A little more than a year ago, Microsoft announced the launch of a new a pilot program to hire people with autism and bring more diversity to the company. At the time, Microsoft was one of the biggest companies to introduce this kind of program, which also was a reflection of CEO Satya Nadella’s commitment to change the company's culture in a global way.
Last week, Fast Company published a lengthy story about this pilot program after being invited by the company to spend three days with young autistic candidates. The program is actually very different from traditional job interviews: to better suit the needs of autistic people, Microsoft has decided to invite candidates to the Microsoft Campus for two weeks where they're tasked with different projects. Formal interviews only happen at the end of the evaluation period.
Neil Barnett, Microsoft’s director of inclusive hiring and accessibility, explained to Fast Company that Microsoft is looking to expand the program beyond its yearly four sessions:
It’s great that we’re hiring five or 10 or 15 people, but to really drive that inclusive culture, we’ve got to figure out how to get a lot of these things into the mainstream.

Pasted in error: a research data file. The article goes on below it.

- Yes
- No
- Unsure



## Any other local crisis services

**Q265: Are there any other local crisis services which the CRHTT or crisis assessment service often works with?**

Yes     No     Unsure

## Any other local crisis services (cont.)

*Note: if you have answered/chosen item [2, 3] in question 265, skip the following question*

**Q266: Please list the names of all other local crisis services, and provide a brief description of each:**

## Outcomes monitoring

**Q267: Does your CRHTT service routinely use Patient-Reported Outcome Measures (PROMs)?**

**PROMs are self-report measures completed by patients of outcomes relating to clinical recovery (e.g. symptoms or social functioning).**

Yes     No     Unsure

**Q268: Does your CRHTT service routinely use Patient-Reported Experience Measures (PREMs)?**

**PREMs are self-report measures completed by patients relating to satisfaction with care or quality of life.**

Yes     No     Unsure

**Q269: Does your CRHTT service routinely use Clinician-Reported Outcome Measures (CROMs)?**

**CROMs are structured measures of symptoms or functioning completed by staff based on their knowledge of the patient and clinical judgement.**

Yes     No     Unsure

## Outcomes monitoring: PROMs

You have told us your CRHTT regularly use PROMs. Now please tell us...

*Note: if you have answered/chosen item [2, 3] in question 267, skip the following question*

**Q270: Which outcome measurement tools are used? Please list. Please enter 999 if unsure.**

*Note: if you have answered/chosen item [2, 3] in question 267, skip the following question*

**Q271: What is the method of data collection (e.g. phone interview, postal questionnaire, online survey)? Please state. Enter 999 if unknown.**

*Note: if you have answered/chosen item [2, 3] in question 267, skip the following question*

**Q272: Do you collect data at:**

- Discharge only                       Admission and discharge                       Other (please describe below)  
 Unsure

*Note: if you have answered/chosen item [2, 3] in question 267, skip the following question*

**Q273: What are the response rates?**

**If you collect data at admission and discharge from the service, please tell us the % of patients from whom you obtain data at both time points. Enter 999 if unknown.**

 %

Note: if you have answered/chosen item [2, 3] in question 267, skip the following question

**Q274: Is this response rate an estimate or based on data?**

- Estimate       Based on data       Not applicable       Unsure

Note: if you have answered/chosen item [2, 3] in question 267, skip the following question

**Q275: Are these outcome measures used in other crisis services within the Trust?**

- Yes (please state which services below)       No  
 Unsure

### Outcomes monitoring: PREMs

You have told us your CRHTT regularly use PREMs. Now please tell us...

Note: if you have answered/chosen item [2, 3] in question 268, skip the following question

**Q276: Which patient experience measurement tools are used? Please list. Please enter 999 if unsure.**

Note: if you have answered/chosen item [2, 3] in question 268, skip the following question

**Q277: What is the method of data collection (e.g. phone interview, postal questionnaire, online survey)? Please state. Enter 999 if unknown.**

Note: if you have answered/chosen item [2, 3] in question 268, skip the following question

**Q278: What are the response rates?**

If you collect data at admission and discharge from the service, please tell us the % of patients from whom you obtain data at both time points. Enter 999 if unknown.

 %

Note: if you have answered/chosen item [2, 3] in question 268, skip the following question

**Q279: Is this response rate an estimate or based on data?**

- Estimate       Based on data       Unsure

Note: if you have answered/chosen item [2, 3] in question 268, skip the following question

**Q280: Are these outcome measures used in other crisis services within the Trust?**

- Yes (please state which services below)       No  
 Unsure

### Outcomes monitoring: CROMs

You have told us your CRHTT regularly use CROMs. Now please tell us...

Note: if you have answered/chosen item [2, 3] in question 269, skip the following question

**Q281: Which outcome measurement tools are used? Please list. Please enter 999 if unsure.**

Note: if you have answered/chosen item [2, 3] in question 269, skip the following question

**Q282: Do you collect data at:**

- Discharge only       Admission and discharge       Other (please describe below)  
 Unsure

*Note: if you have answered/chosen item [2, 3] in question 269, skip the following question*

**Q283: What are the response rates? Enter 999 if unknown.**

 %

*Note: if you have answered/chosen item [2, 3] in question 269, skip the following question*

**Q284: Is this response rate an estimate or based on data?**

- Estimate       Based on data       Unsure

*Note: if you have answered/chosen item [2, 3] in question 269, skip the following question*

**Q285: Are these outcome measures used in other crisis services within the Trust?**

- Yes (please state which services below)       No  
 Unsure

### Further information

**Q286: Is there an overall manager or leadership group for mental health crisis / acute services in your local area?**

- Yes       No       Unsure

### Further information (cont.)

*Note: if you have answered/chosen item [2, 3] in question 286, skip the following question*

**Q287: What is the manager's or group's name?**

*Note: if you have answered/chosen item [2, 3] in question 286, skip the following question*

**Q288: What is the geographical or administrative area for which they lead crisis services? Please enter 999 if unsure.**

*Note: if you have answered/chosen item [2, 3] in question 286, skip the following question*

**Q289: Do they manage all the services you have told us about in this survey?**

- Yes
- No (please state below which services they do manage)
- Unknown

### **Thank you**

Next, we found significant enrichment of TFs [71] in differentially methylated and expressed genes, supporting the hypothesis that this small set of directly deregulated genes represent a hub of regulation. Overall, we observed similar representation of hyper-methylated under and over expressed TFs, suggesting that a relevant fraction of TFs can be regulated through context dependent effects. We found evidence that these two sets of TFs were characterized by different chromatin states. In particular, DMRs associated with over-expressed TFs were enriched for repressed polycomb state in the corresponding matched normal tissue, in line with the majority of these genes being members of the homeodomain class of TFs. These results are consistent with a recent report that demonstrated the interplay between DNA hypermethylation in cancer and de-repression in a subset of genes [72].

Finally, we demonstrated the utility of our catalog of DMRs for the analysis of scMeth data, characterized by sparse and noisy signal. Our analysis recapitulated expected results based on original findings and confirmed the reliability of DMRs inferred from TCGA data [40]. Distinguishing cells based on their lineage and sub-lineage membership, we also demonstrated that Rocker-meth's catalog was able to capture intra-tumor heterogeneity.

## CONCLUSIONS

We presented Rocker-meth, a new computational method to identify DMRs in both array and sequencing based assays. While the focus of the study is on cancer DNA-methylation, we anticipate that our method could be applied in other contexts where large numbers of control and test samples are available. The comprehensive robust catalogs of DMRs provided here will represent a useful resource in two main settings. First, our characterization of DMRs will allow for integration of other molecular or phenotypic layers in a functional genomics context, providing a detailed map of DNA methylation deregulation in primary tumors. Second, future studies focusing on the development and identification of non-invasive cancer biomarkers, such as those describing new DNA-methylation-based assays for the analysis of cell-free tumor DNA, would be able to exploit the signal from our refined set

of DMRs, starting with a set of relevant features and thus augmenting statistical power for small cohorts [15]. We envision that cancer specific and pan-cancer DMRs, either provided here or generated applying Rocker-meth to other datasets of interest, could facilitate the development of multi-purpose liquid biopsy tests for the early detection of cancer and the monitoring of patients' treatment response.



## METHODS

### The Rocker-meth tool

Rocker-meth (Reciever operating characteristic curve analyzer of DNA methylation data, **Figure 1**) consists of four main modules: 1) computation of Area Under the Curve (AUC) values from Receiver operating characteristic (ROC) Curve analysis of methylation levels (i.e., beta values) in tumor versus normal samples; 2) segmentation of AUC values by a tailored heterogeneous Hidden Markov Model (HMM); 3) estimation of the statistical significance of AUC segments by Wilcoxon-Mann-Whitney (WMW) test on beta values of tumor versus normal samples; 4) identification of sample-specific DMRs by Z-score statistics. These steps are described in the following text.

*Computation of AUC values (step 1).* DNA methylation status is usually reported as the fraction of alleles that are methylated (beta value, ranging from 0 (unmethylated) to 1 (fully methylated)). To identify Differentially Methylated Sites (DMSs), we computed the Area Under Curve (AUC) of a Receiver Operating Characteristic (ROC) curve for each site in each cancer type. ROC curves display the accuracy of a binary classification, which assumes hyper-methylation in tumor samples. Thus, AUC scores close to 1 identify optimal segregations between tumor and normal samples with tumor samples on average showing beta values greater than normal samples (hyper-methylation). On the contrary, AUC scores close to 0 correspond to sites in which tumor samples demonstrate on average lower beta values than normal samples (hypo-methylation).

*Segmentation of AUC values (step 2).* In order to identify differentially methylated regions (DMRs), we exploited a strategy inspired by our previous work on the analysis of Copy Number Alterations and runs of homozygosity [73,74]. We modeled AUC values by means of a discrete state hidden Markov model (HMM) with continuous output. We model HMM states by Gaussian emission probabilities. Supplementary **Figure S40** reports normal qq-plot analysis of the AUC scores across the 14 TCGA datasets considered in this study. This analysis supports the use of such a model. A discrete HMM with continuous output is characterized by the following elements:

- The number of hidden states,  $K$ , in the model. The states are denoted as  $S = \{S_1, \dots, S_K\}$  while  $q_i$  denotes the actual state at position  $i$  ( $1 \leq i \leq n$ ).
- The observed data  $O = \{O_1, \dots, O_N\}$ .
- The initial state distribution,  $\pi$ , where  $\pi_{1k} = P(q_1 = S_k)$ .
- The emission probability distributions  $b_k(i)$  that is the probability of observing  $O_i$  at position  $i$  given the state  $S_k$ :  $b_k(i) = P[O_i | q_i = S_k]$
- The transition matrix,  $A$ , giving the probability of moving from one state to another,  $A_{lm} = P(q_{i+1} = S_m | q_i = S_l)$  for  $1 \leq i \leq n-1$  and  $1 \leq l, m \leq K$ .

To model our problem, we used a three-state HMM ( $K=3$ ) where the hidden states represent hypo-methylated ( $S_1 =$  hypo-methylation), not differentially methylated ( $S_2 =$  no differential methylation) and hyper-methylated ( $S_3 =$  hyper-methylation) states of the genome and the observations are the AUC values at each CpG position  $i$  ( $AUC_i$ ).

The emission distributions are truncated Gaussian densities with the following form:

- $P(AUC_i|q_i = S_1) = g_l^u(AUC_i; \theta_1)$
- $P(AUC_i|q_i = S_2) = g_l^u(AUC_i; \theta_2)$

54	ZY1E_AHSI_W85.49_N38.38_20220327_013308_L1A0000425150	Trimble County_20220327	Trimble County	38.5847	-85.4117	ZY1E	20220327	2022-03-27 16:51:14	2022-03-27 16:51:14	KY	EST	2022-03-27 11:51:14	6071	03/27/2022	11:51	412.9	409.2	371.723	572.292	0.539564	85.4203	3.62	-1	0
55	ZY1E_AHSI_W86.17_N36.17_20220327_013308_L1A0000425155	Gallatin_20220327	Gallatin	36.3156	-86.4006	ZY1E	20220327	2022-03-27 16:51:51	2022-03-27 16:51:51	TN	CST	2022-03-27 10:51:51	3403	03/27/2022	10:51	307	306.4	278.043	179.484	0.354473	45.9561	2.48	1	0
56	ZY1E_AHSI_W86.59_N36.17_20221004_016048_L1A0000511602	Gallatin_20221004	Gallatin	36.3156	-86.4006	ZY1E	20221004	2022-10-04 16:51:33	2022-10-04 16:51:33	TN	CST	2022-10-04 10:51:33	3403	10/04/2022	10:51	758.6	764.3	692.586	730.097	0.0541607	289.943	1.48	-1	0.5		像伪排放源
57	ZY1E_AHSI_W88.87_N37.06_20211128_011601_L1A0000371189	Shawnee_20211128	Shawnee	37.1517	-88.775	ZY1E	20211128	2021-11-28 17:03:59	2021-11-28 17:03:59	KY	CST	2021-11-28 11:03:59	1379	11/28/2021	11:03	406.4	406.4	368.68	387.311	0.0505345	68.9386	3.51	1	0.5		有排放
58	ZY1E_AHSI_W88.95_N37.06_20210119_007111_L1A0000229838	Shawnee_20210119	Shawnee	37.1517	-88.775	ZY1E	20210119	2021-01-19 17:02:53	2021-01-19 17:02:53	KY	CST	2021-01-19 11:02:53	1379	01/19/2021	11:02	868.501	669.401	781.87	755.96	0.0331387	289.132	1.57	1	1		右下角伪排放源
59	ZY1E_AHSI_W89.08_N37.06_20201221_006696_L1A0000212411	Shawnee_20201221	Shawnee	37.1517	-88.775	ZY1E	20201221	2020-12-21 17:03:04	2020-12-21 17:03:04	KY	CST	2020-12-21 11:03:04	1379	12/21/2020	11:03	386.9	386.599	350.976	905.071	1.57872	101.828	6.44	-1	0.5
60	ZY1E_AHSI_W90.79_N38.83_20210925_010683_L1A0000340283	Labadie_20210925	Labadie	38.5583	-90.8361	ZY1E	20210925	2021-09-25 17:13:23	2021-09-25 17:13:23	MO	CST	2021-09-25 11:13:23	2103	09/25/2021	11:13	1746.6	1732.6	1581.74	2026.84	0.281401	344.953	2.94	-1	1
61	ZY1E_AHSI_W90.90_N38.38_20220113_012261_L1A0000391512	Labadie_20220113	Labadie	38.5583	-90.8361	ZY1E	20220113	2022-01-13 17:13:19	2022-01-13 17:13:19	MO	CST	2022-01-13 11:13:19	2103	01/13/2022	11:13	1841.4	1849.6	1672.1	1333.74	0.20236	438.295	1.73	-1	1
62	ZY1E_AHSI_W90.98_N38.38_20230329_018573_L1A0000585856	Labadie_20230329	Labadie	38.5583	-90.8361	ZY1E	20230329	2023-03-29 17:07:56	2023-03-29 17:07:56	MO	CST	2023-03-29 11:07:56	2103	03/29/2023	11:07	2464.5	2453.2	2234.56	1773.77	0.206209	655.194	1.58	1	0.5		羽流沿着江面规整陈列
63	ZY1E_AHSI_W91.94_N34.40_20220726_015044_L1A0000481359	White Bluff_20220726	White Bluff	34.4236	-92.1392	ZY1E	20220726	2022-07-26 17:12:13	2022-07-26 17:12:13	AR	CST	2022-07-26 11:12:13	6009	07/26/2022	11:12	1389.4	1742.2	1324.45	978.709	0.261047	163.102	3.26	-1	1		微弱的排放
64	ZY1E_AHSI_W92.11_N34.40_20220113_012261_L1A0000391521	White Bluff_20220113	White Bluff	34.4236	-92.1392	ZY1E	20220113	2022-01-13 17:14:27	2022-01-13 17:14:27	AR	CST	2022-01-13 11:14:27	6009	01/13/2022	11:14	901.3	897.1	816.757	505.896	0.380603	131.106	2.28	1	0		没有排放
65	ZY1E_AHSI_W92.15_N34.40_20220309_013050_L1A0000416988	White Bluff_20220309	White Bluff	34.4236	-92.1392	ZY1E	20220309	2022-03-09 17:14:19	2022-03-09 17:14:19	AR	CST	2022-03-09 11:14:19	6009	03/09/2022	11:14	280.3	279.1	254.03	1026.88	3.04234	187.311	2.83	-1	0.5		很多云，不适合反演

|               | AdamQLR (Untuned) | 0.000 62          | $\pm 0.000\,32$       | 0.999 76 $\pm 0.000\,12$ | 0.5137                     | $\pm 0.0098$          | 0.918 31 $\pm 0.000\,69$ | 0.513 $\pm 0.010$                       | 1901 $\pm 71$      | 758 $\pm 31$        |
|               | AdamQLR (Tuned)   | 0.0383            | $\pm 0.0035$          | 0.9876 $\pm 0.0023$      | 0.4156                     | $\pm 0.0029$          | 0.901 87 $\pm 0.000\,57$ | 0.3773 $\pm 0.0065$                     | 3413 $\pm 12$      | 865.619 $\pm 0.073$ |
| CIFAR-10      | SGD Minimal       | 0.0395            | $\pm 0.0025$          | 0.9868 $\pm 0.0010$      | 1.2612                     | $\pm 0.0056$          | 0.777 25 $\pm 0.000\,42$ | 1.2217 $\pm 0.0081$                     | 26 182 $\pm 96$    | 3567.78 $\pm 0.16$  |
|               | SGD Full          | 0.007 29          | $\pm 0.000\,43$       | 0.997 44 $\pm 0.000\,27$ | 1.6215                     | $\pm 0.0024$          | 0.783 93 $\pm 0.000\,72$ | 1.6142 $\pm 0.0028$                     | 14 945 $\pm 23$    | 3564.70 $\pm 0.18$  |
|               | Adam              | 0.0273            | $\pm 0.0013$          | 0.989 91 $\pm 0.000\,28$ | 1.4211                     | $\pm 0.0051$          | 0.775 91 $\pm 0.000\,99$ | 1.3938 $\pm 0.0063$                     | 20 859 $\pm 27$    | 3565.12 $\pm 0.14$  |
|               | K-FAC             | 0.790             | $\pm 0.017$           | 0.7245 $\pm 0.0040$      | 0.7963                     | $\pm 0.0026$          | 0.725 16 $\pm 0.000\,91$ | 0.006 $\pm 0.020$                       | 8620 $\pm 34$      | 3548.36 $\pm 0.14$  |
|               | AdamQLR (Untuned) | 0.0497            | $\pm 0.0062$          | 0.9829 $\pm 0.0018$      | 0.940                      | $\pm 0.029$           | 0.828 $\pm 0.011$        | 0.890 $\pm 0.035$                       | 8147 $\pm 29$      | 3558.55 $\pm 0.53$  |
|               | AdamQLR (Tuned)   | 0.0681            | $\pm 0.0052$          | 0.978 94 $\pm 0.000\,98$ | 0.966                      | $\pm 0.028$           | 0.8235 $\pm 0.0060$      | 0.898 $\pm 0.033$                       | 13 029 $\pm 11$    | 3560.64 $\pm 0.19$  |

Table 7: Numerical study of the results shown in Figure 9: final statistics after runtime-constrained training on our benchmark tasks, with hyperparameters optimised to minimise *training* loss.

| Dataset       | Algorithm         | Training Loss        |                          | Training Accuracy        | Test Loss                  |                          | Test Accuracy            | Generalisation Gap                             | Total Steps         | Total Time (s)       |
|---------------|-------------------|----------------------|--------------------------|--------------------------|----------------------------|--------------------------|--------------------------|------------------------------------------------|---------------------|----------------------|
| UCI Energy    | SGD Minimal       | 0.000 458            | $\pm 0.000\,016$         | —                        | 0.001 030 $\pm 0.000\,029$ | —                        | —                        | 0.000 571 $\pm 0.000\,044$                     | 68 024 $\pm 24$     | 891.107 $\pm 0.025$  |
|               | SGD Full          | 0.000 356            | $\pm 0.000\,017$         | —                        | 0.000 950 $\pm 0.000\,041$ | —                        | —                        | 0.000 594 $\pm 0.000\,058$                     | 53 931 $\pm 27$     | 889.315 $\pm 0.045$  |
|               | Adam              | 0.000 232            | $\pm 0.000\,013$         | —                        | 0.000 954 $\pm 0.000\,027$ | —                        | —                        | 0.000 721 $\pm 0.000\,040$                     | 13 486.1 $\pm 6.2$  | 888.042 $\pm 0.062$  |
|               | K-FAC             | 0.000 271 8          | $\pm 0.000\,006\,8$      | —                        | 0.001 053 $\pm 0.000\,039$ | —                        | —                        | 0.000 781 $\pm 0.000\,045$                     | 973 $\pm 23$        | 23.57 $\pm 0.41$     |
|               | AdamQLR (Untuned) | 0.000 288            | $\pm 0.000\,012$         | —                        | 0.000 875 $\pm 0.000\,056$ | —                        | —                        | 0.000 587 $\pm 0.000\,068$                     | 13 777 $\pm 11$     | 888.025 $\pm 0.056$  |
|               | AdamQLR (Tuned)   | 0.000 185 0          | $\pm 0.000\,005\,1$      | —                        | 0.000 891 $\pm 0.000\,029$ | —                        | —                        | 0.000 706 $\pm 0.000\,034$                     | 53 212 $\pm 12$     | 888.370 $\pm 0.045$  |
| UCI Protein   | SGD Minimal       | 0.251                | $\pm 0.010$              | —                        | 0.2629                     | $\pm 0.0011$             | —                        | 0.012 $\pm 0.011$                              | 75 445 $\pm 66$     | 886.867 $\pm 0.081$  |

While the program is currently open to everyone in the US, it is actually not easy to find candidates for the program as there is no established pipeline of autistic people with programming abilities. Furthermore, the social stigma around autism often leads autistic people to hide their condition to potential employers. "The unemployment rate is chronic, which is not a reflection of the talent pool, it’s just a reflection of these people not getting through the door" added Jenny Lay-Flurrie, Microsoft’s chief accessibility officer.
To find more candidates for its pilot program, Microsoft has started reaching out to autism organizations as well as universities’ disability offices, but the company is still struggling to find the more skilled ones. During this year's April hiring session, the Redmond giant had 13 open positions for autistic people but only five candidates met the company's high expectations.
Still, Microsoft remains determined to make its workforce more diverse to better reflect its vast panorama of customers. While the company's execs didn't reveal if the pilot program was costly to the company, Barnett explained that the costs are "far less than we thought." "Most of our investment is actually in the people," he added.
We'll be keeping out eye on this program and on Microsoft's dedication to employing people with autism. Let us know in the comments what you think of Microsoft's efforts.